Dina: As part of the attempt to connect with your new audience, do you have a new educational program that you are working on?

Eyal: I won’t call it an educational program anymore. For example, since we moved here we hired another staff member whose role is defined as: "community outreach." What was defined before as the Education Department has become this role, which is responsible for the connection to the local community. Everything that involves residents from the neighbourhood goes through this person. The idea is that he will know the residents, he will know our partners from the other institutions; he is a kind of moderator between us and the neighbourhood.

I’m jumping now to another subject, when we visited Cluster in London, we met a person who was titled a "walker-talker," and he was not an employee of the art organization. He was an employee of the council. His job is to walk the street, to know everybody, to see that everything is okay. Everyone knows him, and the art organization works a lot with this guy. So, the idea was to have this kind of "walker-talker" here, in Jessy Cohen. He is employed by us, but at the same he can be used by other people; they should know him, they can communicate through him.

Dina: Apart from really connecting the exhibitions to the residents, are you still continuing to initiate socially engaged projects as you have done before?

Eyal: Yes, after a year adjustment to the new situation, there are new projects. But in a way, they are longer than they used to be; the processes are longer, the implementation process is longer, because there is no deadline or time frame of two years. We are here to stay, and therefore we can allow this kind of long-term implementation. For example, we have the Squeaking Symphony project by Amnon Wolman and Dan Weinstein. They both work with a group of residents. It is not an original idea. There was an English composer who had the idea that anyone without a professional background can make music. So, this is a group of residents who play on anything, but they have to write their own scores, so it’s not just improvisation. They started it before as a short-term project with a small group, and it concluded with a small concert. Many people who were interested in the project from the neighbourhood came to the concert and this is how the project grew. Now we are working on it for another year. It’s a beautiful project, very simple but very meaningful for its participants.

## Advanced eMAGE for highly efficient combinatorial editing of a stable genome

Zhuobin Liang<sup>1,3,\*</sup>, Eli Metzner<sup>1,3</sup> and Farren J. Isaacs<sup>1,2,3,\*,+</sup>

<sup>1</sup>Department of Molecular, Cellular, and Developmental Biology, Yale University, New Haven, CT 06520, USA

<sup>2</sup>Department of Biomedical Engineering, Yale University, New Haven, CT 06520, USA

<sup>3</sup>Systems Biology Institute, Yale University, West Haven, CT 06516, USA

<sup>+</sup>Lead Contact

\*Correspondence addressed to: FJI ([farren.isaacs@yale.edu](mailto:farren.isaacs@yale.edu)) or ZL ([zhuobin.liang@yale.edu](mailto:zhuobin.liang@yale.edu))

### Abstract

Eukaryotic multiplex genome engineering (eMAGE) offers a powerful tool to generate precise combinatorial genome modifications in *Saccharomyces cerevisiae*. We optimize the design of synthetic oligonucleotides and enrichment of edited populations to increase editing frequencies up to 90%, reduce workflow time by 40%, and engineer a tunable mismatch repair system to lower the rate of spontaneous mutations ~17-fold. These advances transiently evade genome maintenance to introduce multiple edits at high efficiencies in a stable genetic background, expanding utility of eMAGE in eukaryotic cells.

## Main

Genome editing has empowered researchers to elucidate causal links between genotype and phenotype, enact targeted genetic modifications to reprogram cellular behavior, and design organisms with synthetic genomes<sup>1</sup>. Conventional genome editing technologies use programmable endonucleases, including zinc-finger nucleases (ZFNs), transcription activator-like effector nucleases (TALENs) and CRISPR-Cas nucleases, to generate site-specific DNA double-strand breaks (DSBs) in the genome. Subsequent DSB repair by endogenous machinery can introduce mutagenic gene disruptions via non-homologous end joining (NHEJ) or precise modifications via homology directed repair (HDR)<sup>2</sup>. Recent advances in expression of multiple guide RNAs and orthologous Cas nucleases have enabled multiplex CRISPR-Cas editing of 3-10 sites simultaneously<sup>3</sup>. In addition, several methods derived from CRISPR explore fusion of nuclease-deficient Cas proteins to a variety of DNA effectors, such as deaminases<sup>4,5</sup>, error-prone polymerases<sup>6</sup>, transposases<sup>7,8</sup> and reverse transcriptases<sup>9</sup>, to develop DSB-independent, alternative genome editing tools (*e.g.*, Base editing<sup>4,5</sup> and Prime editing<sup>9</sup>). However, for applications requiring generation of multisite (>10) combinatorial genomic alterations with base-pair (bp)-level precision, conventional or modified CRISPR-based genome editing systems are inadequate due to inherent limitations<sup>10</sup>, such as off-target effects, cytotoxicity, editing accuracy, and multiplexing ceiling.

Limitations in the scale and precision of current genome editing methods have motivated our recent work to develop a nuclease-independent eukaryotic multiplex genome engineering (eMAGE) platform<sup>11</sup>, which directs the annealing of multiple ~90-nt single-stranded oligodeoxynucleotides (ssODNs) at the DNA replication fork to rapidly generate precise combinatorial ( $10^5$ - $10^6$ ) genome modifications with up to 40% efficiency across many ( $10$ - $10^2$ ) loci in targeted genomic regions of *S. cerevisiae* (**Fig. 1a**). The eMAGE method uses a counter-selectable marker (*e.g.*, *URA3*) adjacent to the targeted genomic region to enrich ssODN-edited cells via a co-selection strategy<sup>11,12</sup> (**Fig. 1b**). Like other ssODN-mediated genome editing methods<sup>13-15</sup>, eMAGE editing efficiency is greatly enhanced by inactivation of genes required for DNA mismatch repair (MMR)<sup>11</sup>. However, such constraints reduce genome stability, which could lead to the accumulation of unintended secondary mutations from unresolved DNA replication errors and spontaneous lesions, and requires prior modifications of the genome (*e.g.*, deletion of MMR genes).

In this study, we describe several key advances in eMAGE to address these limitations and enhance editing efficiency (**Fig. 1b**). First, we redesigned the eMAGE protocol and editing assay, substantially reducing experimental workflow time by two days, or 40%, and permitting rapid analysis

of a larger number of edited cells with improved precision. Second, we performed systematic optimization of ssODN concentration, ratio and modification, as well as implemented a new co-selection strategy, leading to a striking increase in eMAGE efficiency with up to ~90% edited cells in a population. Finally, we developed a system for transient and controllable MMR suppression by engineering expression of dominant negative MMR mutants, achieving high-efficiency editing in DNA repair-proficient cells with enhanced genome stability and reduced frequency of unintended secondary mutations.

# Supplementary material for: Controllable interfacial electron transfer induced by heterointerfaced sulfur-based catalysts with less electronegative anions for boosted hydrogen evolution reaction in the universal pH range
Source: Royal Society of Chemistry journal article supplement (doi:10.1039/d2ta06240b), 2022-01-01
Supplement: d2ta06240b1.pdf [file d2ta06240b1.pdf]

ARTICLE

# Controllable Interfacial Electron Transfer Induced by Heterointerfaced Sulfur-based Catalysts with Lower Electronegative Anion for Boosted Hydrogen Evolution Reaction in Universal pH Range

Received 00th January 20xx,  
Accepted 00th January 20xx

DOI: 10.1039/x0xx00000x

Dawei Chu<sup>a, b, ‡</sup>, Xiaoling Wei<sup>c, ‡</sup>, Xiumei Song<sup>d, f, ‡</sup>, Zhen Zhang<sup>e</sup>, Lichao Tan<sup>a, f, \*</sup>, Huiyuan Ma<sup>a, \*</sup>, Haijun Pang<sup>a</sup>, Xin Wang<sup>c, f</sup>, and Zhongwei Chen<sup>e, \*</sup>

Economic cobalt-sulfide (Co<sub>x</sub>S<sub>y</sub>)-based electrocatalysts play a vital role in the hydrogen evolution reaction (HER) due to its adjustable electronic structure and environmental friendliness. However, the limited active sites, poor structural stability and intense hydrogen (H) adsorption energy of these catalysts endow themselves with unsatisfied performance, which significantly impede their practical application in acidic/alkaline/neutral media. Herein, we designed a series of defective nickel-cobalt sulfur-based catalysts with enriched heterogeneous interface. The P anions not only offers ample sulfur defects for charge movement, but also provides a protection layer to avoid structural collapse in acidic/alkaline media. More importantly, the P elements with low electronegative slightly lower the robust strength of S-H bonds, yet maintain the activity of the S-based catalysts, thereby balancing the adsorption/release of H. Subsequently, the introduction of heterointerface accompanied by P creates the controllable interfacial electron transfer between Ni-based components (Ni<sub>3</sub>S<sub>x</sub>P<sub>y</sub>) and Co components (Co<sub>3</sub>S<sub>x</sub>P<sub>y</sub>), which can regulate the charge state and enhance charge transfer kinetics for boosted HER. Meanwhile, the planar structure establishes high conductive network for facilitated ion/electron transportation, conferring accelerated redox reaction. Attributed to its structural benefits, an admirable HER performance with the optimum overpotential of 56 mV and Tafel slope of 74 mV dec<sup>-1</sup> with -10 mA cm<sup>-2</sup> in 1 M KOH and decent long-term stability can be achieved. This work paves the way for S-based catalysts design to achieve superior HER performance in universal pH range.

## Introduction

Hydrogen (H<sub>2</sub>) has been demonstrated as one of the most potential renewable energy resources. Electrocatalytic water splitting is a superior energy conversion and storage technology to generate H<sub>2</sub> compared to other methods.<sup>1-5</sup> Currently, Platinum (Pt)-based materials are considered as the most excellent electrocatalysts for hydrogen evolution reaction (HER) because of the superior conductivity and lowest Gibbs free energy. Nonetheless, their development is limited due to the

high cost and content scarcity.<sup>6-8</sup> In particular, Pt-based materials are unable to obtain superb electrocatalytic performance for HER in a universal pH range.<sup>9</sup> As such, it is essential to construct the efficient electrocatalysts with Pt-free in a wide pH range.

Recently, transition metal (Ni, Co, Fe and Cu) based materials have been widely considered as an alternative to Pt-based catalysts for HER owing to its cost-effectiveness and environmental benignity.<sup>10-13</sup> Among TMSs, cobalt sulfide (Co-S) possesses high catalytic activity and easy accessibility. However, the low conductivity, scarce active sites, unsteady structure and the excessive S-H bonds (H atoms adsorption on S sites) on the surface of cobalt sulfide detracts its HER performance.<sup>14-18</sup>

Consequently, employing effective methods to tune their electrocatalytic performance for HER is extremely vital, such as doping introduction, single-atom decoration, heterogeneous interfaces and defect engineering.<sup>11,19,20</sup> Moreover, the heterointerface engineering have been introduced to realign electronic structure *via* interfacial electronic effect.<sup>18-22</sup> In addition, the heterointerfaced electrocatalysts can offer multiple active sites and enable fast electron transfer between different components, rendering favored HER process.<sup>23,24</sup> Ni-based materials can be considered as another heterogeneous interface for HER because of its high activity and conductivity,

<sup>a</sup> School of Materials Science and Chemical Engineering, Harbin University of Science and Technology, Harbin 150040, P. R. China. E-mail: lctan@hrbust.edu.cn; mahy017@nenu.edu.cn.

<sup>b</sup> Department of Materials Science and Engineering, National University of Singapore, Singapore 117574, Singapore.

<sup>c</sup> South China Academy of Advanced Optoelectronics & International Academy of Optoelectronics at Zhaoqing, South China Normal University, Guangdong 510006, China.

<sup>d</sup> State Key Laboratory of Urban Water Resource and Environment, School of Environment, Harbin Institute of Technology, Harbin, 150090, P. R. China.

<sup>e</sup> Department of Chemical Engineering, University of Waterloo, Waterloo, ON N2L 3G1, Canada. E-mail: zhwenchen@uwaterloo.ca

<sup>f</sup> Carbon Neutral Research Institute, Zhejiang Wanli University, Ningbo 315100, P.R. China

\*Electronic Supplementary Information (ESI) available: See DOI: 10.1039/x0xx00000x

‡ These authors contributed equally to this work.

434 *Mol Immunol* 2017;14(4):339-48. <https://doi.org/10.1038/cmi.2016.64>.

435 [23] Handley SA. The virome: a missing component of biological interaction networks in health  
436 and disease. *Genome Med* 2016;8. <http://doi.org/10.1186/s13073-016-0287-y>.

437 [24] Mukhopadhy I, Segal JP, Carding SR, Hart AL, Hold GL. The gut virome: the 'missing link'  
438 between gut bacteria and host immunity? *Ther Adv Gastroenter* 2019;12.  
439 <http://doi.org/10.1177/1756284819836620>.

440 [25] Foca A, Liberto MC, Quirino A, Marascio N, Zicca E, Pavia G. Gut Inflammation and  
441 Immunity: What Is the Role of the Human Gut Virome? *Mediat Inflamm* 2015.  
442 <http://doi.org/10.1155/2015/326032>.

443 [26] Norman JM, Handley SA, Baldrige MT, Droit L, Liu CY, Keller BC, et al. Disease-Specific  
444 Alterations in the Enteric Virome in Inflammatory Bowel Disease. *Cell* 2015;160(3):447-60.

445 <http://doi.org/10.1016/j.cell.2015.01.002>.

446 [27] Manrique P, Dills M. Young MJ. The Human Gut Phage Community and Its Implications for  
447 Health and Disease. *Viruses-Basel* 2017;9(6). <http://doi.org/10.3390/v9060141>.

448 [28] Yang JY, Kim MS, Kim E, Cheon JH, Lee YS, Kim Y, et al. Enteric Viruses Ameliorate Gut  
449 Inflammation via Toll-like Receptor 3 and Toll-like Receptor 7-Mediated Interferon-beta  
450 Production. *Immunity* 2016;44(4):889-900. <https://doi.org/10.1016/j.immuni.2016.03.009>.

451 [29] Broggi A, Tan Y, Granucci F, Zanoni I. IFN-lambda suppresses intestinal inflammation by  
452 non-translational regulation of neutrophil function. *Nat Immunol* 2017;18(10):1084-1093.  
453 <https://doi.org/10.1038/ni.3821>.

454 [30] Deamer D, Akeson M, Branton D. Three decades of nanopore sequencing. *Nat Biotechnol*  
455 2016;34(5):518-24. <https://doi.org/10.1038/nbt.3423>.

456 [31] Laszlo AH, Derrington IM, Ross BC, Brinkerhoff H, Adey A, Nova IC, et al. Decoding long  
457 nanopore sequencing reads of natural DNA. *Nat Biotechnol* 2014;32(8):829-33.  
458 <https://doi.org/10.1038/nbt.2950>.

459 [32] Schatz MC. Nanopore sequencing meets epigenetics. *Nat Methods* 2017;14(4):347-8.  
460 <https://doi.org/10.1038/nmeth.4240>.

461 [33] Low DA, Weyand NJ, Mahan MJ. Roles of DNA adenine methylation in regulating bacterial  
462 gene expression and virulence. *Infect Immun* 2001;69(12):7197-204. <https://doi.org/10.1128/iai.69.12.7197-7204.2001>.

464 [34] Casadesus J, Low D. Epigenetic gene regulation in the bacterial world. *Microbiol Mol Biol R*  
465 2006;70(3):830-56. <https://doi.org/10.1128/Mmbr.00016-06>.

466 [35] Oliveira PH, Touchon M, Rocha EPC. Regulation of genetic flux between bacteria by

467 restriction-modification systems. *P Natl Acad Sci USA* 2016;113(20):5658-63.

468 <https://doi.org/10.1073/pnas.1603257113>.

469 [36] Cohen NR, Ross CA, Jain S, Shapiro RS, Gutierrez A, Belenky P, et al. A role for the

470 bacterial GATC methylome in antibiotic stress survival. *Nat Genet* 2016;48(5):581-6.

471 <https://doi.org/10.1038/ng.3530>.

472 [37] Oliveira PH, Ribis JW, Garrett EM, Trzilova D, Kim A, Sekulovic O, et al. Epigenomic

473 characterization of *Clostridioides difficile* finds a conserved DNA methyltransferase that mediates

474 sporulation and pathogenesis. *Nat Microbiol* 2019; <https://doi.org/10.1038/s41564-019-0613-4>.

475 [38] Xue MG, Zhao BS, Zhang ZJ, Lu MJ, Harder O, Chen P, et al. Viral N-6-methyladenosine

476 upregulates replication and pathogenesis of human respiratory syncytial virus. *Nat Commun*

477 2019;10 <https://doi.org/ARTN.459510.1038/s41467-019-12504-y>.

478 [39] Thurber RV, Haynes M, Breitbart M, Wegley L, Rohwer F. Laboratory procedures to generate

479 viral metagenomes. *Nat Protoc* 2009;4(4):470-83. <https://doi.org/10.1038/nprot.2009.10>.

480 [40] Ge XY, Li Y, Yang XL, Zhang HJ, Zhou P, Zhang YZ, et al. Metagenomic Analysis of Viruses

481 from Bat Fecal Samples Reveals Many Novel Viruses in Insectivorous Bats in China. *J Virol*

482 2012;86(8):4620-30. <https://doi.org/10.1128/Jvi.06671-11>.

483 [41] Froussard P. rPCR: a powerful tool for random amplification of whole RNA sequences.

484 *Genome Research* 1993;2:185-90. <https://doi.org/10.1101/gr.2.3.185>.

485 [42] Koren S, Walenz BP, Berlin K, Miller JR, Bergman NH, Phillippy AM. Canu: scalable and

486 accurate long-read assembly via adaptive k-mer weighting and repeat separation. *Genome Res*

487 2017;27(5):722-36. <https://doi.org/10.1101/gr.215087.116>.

Another example is the Ford Fiesta project. This is a different example, because the idea was that through a limited time frame one can touch on a lot of topics. The participating group works a little bit in the FabLab, a little bit in computing—they touch on a lot of fields.  The idea behind this is that it can evolve into long-term, specific activities in the future.

Dina: Whom do these mentioned groups include? Are they all residents of the neighbourhood? Do they have a certain age groups or similar backgrounds?

Eyal: The groups consist of residents. Only residents. Different ages, different backgrounds—mixed groups, of course. One of the things I learned here is that most of the activities in the neighbourhood are divided between Ethiopians and non-Ethiopians, which is something that we are trying to break. This division is not made solely by the municipality; it is also created by the Ethiopian community itself and by the neighbourhood’s residents. But I think it leaves a very easy way out for the institutions. It is much easier to have two separate senior clubs, youth movements, and so on.

Dina: Can you describe other changes that the Center is undergoing during its transition into the neighbourhood?

Eyal: One of the most important changes that happened is a change of our self-perception. We are still, first of all, a contemporary art center, and we must be. We want to continue to be a professional, international, important contemporary art center, not because this is our goal, but because this is our tool; because our priorities have changed a bit since we began working in Jessy Cohen.

When we’re talking about a neighbourhood alliance with other professionals and institutions working in Jessy Cohen, our unifying factor is that we all wish to influence the neighbourhood and continue to be relevant in the neighbourhood’s life, as well as to Israeli society in general. In order to be relevant, each of the partners has their own tools. Our tool is very good programming and very good exhibitions; so that we don’t lose our position within the art field, so that we won’t become this kind of "community center," irrelevant art space. And The Israeli Center for Digital Art has this position, it has a good position within the Israeli art field and internationally. But we have to keep it this way because this relevance enables us the privilege of working in the neighbourhood from within the art field. Therefore, maintaining a good program is not our goal—it is our tool.

Dina: Can you elaborate more on your "glocal" perspective? What are you doing in practice, in order to maintain this broad overview of your practice, as well as connecting to similar worldwide practices?